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Another Trump indictment looms as grand jury hears election case

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Prosecutors investigating Donald Trump’s efforts to overturn the 2020 election in the US state of Georgia were expected to begin presenting evidence to a grand jury Monday for what could be a sprawling, multi-defendant indictment.

The case would be the fourth brought against Trump this year — it could lead to the first televised trial of a former president, a watershed moment in US history, and feature charges typically used to bring down mobsters.

Trump posted a number of messages to his Truth Social platform calling the matter “ridiculous” and urging a local election official whom he identified by name and called a “loser” not to testify to the grand jury.

“Those who rigged & stole the election were the ones doing the tampering, and they are the slime that should be prosecuted,” Trump said, with his indictment expected before the end of Tuesday.

One incident highly likely to feature among the charges is a now infamous phone call Trump placed to Georgia officials asking them to “find” exactly the number of votes he would have needed to overturn his defeat to President Joe Biden.

Analysts are also expecting him to face charges over a scheme to send bogus certification of a supposed Trump victory in Georgia to the US Congress, as well as on false testimony given about election fraud by Trump aides.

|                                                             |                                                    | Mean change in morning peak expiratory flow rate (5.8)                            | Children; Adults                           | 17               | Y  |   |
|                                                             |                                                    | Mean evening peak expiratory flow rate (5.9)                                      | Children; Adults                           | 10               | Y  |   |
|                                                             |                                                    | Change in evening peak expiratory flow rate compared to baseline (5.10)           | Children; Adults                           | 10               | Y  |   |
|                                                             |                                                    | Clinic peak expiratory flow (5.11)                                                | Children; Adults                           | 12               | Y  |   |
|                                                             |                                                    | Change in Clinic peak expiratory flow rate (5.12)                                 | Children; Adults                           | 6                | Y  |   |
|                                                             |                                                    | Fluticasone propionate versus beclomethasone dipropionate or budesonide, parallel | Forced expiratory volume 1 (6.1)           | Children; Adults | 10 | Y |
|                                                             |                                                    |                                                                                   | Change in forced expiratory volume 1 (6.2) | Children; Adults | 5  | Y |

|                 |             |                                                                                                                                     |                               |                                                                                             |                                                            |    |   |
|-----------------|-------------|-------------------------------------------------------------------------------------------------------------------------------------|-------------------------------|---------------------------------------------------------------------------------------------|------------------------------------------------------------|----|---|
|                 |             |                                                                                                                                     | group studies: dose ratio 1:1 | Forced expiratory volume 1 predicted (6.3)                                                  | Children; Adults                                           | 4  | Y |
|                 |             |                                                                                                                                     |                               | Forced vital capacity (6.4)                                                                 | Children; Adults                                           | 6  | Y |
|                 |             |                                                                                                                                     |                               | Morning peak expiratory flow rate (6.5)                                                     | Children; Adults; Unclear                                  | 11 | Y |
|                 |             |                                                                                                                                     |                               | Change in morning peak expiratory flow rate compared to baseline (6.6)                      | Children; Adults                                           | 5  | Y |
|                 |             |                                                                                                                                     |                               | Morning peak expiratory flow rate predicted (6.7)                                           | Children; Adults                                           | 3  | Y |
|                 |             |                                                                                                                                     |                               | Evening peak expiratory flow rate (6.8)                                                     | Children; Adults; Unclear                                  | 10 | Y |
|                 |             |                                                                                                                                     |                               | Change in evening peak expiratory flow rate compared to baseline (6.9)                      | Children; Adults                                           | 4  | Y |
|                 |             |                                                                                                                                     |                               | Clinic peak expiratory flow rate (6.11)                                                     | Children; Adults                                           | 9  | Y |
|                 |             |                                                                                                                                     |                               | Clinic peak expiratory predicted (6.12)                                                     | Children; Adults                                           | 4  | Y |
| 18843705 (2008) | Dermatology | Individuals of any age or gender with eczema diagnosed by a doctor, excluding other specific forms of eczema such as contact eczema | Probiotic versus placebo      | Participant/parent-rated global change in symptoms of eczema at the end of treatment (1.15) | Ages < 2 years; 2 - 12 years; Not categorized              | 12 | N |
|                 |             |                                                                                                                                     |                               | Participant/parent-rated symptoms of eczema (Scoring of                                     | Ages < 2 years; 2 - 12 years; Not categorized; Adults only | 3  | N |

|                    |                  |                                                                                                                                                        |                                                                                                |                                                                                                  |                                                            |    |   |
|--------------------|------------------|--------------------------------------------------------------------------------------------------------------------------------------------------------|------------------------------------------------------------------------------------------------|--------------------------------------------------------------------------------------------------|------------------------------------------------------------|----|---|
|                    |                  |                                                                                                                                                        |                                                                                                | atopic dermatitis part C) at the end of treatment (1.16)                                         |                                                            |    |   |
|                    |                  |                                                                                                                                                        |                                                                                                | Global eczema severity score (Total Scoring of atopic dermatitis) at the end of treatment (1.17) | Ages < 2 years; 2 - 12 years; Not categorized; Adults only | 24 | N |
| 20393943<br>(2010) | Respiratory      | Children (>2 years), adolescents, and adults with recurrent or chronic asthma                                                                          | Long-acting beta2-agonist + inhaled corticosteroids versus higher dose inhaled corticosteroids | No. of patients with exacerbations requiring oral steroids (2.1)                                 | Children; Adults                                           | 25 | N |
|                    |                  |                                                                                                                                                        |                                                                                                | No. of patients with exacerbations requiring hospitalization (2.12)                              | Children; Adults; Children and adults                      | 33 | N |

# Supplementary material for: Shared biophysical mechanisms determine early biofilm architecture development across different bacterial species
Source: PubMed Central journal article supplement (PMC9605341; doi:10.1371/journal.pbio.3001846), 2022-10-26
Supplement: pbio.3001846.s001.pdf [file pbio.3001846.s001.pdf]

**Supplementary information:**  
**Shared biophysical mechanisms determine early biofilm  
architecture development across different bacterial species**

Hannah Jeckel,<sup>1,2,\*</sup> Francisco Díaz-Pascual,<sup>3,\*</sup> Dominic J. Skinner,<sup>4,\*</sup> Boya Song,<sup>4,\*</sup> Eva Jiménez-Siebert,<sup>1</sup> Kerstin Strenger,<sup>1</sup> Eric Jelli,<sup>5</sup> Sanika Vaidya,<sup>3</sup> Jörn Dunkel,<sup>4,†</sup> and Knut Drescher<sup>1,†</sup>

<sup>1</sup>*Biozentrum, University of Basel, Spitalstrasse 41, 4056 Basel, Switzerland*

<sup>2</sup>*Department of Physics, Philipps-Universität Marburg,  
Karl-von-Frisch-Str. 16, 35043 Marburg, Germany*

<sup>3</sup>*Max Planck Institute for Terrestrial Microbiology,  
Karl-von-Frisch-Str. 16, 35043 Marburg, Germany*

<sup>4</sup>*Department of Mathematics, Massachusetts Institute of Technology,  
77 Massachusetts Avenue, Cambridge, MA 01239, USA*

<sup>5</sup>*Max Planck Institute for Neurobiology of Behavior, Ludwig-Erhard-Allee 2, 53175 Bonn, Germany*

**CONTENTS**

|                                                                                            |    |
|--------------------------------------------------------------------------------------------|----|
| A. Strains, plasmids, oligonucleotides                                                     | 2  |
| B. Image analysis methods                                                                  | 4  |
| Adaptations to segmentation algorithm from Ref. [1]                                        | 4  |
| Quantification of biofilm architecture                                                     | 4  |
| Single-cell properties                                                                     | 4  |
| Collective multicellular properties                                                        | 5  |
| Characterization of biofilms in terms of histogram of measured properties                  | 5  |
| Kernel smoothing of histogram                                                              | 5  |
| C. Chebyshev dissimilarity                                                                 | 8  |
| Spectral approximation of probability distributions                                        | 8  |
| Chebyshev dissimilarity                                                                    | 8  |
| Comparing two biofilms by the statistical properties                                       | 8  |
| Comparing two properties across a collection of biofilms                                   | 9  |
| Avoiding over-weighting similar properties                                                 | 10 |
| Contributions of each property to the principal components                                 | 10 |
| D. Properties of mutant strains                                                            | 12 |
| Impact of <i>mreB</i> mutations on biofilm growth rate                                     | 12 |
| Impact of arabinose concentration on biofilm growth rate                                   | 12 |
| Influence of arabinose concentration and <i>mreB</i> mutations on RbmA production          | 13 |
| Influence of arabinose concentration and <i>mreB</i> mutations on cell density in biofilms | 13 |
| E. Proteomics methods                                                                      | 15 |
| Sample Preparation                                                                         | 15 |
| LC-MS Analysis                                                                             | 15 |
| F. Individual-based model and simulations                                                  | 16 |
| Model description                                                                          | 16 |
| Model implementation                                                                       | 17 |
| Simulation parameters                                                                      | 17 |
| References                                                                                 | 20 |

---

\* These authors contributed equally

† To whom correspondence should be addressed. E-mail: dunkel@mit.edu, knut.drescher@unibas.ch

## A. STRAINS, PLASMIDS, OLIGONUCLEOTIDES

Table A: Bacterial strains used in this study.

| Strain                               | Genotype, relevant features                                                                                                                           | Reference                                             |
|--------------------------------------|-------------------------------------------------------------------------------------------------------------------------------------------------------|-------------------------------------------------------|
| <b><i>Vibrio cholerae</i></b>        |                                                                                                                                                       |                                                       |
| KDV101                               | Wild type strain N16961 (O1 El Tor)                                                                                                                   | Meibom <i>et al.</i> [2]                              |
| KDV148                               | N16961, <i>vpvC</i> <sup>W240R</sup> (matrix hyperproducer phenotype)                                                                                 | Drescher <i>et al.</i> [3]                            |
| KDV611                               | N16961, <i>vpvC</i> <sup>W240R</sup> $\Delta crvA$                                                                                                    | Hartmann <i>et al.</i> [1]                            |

The sweeping case could also bring in harassment of two Fulton County poll workers and the accessing of sensitive data from an elections office in a rural county south of Atlanta, one day after the 2021 Capitol riot.

A separate “special” grand jury heard from 75 witnesses last year and produced a secret report in February that, according to the foreperson, recommended numerous indictments.

Judicial analysts expect Atlanta-area prosecutor Fani Willis to wrap the allegations against Trump and several co-conspirators into one case under Georgia’s Racketeer Influenced and Corrupt Organizations (RICO) law.

Racketeering statutes are usually used to target organized crime, but the broader Georgia law allows prosecutors to string together offenses committed by different people toward one common goal, criminal or not.

Georgia’s court system is more transparent than the federal system, meaning there is no bar to the case being televised from the first preliminary hearing onwards.

The grand jury in Fulton County meets on Mondays and Tuesdays, and local court-watchers expect Willis to conclude and bring any indictments that the panel approves within two days, her normal timeline for racketeering cases.


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